Wednesday warmup melts NJ ice, temporarily
TRENTON, N.J. - February 2, 2011 (WPVI) -- Temperatures rose to 40 degrees and higher Wednesday in many areas of New Jersey, melting much of the ice that accumulated overnight as a massive winter storm brought freezing rain to the Garden State.
Most travel and speed restrictions were lifted by noon, but authorities were still urging motorists to use caution because of slush and standing water on the roads.
State police warned that falling temperatures would create icy conditions Wednesday night and on Thursday, when the high was not expected to top 30 degrees in most areas.
Transportation Department spokesman Joe Dee said roughly 400 salt spreaders remained in use Wednesday afternoon. Crews also were clearing snow from stormwater drains in areas where water was ponding on roadways.
NJ Transit trains resumed normal service by the afternoon after a morning of suspensions and delays because of power problems.
The weather played havoc with the morning commute for travelers heading in and out of New York City. One woman could have been watching a horse race as she eyed the flipping numbers on the Newark Penn Station's master schedule board.
"Come on, Trenton train, come on," she murmured, to no avail.
Phil Motard and Dori Holder didn't know each other before Wednesday but got acquainted during a three-hour, stop-and-start trip from Metropark into New York City - normally about a 20-minute ride - that ended prematurely in Newark.
Holder, who works as an administrative assistant at a financial firm, said they sat on the train and watched several Amtrak trains zoom by.
"We pay $284 for a monthly pass - in situations like this, why don't they just let us jump on?" she asked. "It doesn't make any sense to go in now, and so now I'm going to lose a day of work. I don't know why I got out of bed."
Motard, a service manager for an office equipment company, said he considered working from home but wanted to set an example for the 30 people he oversees - many of whom live in New York's outer boroughs and made it in to work.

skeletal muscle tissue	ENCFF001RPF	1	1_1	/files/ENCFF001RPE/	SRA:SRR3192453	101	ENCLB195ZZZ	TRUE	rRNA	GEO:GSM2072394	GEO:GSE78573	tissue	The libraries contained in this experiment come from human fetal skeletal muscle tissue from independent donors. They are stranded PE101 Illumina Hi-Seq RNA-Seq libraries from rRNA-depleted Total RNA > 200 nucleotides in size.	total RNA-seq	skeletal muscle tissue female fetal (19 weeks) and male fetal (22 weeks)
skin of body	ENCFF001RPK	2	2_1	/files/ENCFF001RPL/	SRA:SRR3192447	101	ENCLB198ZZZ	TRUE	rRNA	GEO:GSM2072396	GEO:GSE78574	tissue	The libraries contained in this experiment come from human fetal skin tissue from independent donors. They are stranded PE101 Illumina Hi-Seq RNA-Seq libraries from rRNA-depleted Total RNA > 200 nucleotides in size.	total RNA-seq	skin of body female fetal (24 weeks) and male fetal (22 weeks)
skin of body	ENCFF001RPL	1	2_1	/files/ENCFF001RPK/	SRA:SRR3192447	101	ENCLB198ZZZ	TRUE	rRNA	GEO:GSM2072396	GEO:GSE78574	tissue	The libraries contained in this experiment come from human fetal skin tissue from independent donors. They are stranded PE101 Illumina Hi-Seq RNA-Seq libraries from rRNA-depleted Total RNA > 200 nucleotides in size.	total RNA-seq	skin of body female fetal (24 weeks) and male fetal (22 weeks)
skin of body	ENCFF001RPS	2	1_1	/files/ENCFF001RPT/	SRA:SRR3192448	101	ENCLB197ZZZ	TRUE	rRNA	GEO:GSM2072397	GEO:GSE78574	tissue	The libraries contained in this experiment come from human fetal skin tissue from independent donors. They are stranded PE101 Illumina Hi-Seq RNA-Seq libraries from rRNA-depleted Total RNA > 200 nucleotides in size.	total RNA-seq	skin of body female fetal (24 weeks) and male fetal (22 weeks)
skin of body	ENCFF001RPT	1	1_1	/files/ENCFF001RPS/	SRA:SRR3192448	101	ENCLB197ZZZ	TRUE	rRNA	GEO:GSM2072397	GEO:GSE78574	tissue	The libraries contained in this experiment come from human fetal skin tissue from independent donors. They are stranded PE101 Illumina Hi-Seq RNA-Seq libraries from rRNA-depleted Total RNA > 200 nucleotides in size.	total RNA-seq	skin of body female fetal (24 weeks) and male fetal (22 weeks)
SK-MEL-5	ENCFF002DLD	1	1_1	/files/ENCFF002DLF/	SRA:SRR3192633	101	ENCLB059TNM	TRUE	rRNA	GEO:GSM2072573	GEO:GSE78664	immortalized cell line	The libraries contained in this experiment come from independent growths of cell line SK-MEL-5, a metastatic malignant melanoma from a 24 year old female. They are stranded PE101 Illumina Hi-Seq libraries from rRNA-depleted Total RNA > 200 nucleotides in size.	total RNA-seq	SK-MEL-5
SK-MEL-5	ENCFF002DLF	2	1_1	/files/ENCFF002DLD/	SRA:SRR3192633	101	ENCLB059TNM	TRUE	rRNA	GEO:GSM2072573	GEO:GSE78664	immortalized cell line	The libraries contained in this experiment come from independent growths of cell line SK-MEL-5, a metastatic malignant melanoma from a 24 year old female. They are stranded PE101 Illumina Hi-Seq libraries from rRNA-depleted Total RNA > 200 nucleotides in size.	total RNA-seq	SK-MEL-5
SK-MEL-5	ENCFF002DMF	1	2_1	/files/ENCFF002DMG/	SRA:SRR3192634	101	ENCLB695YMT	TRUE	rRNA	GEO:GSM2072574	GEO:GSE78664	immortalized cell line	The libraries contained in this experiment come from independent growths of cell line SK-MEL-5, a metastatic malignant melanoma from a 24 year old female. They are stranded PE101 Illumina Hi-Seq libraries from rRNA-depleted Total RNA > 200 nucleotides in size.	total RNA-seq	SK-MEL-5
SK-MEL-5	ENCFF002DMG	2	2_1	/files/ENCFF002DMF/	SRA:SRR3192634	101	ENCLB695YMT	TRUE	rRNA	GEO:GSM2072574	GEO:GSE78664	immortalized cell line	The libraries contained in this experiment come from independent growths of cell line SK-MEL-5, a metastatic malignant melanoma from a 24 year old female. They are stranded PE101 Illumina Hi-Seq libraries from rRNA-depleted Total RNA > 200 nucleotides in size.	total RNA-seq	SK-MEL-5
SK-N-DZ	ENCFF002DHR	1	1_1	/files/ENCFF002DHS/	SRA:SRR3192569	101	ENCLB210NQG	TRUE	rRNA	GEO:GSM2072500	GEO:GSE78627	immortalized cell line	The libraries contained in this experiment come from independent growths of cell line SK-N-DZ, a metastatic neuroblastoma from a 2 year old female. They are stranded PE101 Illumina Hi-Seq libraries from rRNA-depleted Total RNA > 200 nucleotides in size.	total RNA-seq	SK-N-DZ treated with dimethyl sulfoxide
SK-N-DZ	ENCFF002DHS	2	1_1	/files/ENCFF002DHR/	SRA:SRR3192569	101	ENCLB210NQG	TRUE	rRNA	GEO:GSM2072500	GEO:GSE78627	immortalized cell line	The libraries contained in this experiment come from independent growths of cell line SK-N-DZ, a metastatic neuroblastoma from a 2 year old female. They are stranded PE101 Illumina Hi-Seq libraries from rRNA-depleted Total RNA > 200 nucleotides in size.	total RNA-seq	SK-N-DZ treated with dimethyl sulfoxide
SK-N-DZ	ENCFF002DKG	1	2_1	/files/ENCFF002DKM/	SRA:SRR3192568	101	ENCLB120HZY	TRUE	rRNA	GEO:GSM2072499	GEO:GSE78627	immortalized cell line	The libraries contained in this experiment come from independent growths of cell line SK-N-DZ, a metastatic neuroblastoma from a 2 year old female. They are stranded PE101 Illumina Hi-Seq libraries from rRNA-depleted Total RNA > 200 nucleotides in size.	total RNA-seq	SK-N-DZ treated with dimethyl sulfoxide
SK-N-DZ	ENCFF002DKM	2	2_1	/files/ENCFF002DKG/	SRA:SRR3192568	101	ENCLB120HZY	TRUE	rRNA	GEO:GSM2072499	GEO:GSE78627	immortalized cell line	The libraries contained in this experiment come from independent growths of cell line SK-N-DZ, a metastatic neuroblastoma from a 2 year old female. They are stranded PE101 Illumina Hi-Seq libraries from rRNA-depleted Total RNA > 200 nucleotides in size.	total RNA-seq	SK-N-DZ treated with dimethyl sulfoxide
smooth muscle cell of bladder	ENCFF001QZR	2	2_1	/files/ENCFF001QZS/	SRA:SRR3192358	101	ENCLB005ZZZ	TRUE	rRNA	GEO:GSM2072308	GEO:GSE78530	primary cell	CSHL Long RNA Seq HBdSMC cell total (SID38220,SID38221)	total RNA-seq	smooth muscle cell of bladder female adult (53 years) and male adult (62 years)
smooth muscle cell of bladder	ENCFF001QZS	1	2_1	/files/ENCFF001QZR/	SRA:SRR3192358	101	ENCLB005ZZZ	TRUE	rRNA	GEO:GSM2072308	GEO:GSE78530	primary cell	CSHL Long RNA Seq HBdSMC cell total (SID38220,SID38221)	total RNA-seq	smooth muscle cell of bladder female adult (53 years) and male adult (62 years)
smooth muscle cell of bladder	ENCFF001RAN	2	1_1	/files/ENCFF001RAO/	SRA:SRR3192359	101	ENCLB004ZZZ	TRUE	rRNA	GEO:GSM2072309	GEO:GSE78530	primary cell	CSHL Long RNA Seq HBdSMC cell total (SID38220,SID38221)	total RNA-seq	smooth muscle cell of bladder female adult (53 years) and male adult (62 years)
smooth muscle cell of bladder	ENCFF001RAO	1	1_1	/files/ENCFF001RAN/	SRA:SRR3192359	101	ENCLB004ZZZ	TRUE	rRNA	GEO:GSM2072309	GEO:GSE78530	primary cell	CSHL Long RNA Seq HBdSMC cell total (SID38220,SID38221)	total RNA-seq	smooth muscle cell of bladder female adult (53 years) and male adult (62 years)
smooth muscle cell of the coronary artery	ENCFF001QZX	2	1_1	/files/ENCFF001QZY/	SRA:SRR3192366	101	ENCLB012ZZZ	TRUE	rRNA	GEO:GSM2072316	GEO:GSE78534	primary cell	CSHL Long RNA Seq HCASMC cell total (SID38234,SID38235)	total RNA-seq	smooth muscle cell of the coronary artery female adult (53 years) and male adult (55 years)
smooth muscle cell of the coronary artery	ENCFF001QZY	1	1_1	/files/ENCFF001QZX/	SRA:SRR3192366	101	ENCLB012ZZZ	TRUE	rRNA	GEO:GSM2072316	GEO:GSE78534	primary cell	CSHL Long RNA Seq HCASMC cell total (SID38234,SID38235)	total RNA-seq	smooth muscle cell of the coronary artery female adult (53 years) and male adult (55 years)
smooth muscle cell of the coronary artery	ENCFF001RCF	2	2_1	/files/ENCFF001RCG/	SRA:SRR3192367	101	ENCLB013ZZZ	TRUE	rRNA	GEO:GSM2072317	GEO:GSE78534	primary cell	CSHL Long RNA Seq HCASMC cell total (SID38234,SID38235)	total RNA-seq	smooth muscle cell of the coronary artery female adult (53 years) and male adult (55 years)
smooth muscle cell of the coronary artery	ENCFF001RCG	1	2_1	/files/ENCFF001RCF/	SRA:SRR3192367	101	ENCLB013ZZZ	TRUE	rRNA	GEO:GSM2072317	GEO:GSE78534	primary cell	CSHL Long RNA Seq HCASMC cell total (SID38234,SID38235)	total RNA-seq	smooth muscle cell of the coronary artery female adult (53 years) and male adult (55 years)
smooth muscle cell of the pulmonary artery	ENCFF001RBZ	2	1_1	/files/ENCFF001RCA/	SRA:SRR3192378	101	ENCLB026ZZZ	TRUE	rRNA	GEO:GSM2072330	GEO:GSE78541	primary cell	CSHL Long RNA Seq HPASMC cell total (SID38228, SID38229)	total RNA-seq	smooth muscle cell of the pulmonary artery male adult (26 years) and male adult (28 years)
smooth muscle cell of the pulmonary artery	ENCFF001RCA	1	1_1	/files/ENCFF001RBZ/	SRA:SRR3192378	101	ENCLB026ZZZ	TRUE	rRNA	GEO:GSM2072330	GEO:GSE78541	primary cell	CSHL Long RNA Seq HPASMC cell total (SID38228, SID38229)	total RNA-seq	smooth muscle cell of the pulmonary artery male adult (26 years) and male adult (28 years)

"It's very simple technology that hasn't changed for 100 years," Motard said, his frustration beginning to show. "You know your power lines are going to freeze in this type of weather. Coal would've gotten us here better today."
Utility officials said about 15,000 customers were without power Wednesday afternoon after the ice storm snapped tree limbs and brought down power lines in central and northern New Jersey.
The state's largest utility, PSE&G, said about 9,000 homes and businesses were without service as of 4:30 p.m. Wednesday. Woodbridge, Carteret, Bridgewater and Edison were the hardest-hit areas.
Jersey Central Power and Light said about 6,000 customers were without service, mainly in Hunterdon, Morris and Union counties.
Continental Airlines, which had suspended flights out of its hub at Newark Liberty International Airport from Tuesday through noon Wednesday, resumed a limited number of departures and arrivals by that time, according to a spokesman.
The Port Authority of New York and New Jersey, which operates the airport, said about 450 flights had been canceled as of late Wednesday morning.
Associated Press writers Samantha Henry and Bruce Shipkowski contributed to this report.
new jersey, snow, severe weather, ice storm, local/state
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